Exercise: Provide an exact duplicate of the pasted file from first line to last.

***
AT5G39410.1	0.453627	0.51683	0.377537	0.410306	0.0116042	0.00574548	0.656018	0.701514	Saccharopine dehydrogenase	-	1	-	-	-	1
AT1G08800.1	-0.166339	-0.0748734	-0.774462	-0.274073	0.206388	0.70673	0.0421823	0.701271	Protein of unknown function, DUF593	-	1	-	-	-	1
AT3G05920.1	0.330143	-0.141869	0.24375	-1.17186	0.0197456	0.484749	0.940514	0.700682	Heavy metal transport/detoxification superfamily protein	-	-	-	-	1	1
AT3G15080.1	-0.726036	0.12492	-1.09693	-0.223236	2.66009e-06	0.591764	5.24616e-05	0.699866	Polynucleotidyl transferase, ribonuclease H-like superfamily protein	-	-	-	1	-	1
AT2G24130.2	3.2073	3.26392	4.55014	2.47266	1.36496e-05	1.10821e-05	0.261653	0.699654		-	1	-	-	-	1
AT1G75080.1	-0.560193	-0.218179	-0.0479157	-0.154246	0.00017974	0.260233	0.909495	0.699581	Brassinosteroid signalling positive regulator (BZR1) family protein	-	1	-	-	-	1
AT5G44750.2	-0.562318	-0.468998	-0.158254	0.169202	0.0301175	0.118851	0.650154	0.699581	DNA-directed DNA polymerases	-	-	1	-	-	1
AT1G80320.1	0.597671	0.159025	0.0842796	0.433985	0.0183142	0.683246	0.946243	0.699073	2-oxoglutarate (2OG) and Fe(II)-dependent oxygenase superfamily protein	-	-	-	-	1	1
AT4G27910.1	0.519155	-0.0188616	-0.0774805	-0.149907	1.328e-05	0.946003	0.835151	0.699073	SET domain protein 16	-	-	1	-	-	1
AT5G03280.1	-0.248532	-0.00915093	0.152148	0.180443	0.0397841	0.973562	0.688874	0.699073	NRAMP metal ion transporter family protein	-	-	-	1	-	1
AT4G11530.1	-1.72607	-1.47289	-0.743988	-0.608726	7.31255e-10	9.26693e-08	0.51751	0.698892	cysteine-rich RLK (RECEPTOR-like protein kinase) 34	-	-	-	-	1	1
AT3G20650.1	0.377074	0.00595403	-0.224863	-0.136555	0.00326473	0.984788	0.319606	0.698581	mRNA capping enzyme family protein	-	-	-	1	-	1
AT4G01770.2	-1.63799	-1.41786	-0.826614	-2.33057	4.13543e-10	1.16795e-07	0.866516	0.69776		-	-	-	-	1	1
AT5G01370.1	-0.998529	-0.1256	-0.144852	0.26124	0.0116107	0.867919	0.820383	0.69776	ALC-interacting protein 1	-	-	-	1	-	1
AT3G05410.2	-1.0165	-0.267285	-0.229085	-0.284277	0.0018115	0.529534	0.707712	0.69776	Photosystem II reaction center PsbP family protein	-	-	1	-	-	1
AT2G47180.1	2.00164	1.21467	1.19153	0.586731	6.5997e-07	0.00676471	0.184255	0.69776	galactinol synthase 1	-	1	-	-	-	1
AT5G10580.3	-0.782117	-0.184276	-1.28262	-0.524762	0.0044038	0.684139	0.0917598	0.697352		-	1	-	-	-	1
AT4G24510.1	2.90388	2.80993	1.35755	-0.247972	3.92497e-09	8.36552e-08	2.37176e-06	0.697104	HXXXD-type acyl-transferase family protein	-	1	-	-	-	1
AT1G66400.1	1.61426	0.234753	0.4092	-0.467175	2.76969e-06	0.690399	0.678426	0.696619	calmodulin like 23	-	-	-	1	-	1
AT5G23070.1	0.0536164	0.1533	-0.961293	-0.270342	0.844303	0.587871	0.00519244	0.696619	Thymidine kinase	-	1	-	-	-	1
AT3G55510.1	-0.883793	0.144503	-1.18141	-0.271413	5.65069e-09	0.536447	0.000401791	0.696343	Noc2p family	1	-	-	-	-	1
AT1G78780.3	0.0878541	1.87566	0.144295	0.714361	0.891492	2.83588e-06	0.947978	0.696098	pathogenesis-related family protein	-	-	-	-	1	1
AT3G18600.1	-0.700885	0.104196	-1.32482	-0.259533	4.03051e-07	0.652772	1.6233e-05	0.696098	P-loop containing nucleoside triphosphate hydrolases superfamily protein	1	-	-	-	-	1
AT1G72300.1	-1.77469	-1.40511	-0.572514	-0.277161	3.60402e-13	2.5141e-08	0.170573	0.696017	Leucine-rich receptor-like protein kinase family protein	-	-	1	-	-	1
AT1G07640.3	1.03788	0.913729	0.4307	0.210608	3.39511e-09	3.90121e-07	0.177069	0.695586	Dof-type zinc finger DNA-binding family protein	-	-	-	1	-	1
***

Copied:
AT5G39410.1	0.453627	0.51683	0.377537	0.410306	0.0116042	0.00574548	0.656018	0.701514	Saccharopine dehydrogenase	-	1	-	-	-	1
AT1G08800.1	-0.166339	-0.0748734	-0.774462	-0.274073	0.206388	0.70673	0.0421823	0.701271	Protein of unknown function, DUF593	-	1	-	-	-	1
AT3G05920.1	0.330143	-0.141869	0.24375	-1.17186	0.0197456	0.484749	0.940514	0.700682	Heavy metal transport/detoxification superfamily protein	-	-	-	-	1	1
AT3G15080.1	-0.726036	0.12492	-1.09693	-0.223236	2.66009e-06	0.591764	5.24616e-05	0.699866	Polynucleotidyl transferase, ribonuclease H-like superfamily protein	-	-	-	1	-	1
AT2G24130.2	3.2073	3.26392	4.55014	2.47266	1.36496e-05	1.10821e-05	0.261653	0.699654		-	1	-	-	-	1
AT1G75080.1	-0.560193	-0.218179	-0.0479157	-0.154246	0.00017974	0.260233	0.909495	0.699581	Brassinosteroid signalling positive regulator (BZR1) family protein	-	1	-	-	-	1
AT5G44750.2	-0.562318	-0.468998	-0.158254	0.169202	0.0301175	0.118851	0.650154	0.699581	DNA-directed DNA polymerases	-	-	1	-	-	1
AT1G80320.1	0.597671	0.159025	0.0842796	0.433985	0.0183142	0.683246	0.946243	0.699073	2-oxoglutarate (2OG) and Fe(II)-dependent oxygenase superfamily protein	-	-	-	-	1	1
AT4G27910.1	0.519155	-0.0188616	-0.0774805	-0.149907	1.328e-05	0.946003	0.835151	0.699073	SET domain protein 16	-	-	1	-	-	1
AT5G03280.1	-0.248532	-0.00915093	0.152148	0.180443	0.0397841	0.973562	0.688874	0.699073	NRAMP metal ion transporter family protein	-	-	-	1	-	1
AT4G11530.1	-1.72607	-1.47289	-0.743988	-0.608726	7.31255e-10	9.26693e-08	0.51751	0.698892	cysteine-rich RLK (RECEPTOR-like protein kinase) 34	-	-	-	-	1	1
AT3G20650.1	0.377074	0.00595403	-0.224863	-0.136555	0.00326473	0.984788	0.319606	0.698581	mRNA capping enzyme family protein	-	-	-	1	-	1
AT4G01770.2	-1.63799	-1.41786	-0.826614	-2.33057	4.13543e-10	1.16795e-07	0.866516	0.69776		-	-	-	-	1	1
AT5G01370.1	-0.998529	-0.1256	-0.144852	0.26124	0.0116107	0.867919	0.820383	0.69776	ALC-interacting protein 1	-	-	-	1	-	1
AT3G05410.2	-1.0165	-0.267285	-0.229085	-0.284277	0.0018115	0.529534	0.707712	0.69776	Photosystem II reaction center PsbP family protein	-	-	1	-	-	1
AT2G47180.1	2.00164	1.21467	1.19153	0.586731	6.5997e-07	0.00676471	0.184255	0.69776	galactinol synthase 1	-	1	-	-	-	1
AT5G10580.3	-0.782117	-0.184276	-1.28262	-0.524762	0.0044038	0.684139	0.0917598	0.697352		-	1	-	-	-	1
AT4G24510.1	2.90388	2.80993	1.35755	-0.247972	3.92497e-09	8.36552e-08	2.37176e-06	0.697104	HXXXD-type acyl-transferase family protein	-	1	-	-	-	1
AT1G66400.1	1.61426	0.234753	0.4092	-0.467175	2.76969e-06	0.690399	0.678426	0.696619	calmodulin like 23	-	-	-	1	-	1
AT5G23070.1	0.0536164	0.1533	-0.961293	-0.270342	0.844303	0.587871	0.00519244	0.696619	Thymidine kinase	-	1	-	-	-	1
AT3G55510.1	-0.883793	0.144503	-1.18141	-0.271413	5.65069e-09	0.536447	0.000401791	0.696343	Noc2p family	1	-	-	-	-	1
AT1G78780.3	0.0878541	1.87566	0.144295	0.714361	0.891492	2.83588e-06	0.947978	0.696098	pathogenesis-related family protein	-	-	-	-	1	1
AT3G18600.1	-0.700885	0.104196	-1.32482	-0.259533	4.03051e-07	0.652772	1.6233e-05	0.696098	P-loop containing nucleoside triphosphate hydrolases superfamily protein	1	-	-	-	-	1
AT1G72300.1	-1.77469	-1.40511	-0.572514	-0.277161	3.60402e-13	2.5141e-08	0.170573	0.696017	Leucine-rich receptor-like protein kinase family protein	-	-	1	-	-	1
AT1G07640.3	1.03788	0.913729	0.4307	0.210608	3.39511e-09	3.90121e-07	0.177069	0.695586	Dof-type zinc finger DNA-binding family protein	-	-	-	1	-	1